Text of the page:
THURSDAY, MAY 28, 2020

2 Corinthians 8:1-15

We want you to know, brothers and sisters, about the grace of God that has been granted to the churches of Macedonia; for during a severe ordeal of affliction, their abundant joy and their extreme poverty have overflowed in a wealth of generosity on their part. For, as I can testify, they voluntarily gave according to their means, and even beyond their means, begging us earnestly for the privilege of sharing in this ministry to the saints— and this, not merely as we expected; they gave themselves first to the Lord and, by the will of God, to us, so that we might urge Titus that, as he had already made a beginning, so he should also complete this generous undertaking among you. Now as you excel in everything—in faith, in speech, in knowledge, in utmost eagerness, and in our love for you—so we want you to excel also in this generous undertaking.

I do not say this as a command, but I am testing the genuineness of your love against the earnestness of others. For you know the generous act of our Lord Jesus Christ, that though he was rich, yet for your sakes he became poor, so that by his poverty you might become rich. And in this matter I am giving my advice: it is appropriate for you who began last year not only to do something but even to desire to do something— now finish doing it, so that your eagerness may be matched by completing it according to your means. For if the eagerness is there, the gift is acceptable according to what one has—not according to what one does not have. I do not mean that there should be relief for others and pressure on you, but it is a question of a fair balance between your present abundance and their need, so that their abundance may be for your need, in order that there may be a fair balance. As it is written,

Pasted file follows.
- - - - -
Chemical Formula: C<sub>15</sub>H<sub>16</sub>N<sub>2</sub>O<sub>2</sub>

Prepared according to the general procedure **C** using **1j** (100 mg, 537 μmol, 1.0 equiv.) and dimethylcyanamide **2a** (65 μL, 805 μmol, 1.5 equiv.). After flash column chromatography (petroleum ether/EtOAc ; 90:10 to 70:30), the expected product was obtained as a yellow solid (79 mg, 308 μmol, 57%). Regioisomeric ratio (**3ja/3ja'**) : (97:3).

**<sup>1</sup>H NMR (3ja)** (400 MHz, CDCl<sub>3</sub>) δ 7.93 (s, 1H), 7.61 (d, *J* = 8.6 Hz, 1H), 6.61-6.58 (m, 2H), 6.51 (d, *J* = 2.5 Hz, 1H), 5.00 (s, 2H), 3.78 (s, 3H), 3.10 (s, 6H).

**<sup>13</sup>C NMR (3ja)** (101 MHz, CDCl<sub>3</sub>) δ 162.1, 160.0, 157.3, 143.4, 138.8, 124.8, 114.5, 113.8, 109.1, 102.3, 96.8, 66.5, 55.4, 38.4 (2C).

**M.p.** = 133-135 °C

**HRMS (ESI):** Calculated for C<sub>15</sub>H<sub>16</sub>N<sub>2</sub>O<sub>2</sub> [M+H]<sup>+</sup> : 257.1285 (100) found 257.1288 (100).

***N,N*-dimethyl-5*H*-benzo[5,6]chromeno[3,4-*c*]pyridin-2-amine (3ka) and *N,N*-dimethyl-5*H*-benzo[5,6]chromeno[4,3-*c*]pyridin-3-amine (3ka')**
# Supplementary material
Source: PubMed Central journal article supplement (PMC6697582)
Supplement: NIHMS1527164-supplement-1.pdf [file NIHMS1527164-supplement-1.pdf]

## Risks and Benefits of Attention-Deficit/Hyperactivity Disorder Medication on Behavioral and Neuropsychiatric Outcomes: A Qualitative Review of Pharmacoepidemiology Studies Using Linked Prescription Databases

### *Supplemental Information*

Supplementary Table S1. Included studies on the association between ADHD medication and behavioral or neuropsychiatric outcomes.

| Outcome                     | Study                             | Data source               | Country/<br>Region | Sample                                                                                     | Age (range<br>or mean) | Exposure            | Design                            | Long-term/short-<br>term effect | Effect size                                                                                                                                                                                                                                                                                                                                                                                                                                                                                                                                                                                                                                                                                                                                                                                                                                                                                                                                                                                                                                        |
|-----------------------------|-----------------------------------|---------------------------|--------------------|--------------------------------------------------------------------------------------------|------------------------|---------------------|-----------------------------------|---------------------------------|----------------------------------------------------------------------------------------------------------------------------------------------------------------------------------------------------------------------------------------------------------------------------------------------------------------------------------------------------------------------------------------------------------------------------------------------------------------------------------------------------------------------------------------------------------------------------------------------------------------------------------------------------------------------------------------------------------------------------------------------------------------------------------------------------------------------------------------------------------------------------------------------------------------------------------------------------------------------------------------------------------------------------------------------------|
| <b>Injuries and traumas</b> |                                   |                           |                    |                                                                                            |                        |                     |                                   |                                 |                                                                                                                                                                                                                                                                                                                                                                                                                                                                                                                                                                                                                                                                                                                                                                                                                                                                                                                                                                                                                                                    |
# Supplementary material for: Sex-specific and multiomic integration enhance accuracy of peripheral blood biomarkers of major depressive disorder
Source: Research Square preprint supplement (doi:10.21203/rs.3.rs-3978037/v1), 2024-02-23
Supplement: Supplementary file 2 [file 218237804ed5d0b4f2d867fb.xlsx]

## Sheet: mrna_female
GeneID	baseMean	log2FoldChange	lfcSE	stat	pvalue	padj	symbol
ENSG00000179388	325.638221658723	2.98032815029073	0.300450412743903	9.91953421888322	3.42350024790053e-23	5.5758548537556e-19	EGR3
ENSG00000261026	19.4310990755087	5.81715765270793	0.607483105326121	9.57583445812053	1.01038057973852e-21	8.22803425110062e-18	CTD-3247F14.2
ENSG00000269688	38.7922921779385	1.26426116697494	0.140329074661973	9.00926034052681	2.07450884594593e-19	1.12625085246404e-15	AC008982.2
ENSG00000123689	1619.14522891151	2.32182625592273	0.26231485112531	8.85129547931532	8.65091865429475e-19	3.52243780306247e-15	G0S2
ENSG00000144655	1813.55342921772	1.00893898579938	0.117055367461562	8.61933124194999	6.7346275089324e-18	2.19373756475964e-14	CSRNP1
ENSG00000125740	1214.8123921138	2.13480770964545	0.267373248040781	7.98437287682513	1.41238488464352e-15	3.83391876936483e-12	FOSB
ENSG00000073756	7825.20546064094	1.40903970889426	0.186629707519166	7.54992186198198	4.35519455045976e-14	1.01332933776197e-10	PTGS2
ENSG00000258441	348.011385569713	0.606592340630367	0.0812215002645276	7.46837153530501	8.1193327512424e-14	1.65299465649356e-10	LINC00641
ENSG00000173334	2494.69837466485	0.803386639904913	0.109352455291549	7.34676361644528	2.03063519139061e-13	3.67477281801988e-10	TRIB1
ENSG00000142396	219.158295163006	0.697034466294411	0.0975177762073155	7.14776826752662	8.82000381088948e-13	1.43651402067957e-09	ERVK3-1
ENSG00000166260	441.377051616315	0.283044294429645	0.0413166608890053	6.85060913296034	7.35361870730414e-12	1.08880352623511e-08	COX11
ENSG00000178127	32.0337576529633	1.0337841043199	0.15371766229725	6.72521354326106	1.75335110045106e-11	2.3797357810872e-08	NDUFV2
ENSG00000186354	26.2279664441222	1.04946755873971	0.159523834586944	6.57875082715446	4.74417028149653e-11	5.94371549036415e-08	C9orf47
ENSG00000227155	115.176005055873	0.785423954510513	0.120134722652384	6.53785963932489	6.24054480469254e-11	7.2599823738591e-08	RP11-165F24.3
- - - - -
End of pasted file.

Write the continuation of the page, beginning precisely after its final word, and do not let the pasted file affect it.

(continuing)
‘The one who had much did not have too much,
   and the one who had little did not have too little.’

Discussion

by R. Fergus Moir, Clergy Stuff

“Do what you can when you can.” This is a common saying in 12-Step recovery programs in regards to giving service to one another and the fellowship as a whole. It’s about being both ambitious and realistic in what you give, just as in this passage from 2 Corinthians. Some of us simply have more resources—time, energy, money, health, etc.—than others, and God calls us to give according to what we have. Which means that those who have more available ought to give it willingly in support of those who have less. It’s such an simple, obvious concept, yet so many of us find it counterintuitive in a culture of endless accumulation. We never see ourselves as having enough, much less more than enough, so that we can give some away. Paul encourages us to be generous, therefore challenging us to look honestly at ways in which we can support the whole of our interconnected community.

Where can I be more generous in what I offer to the world?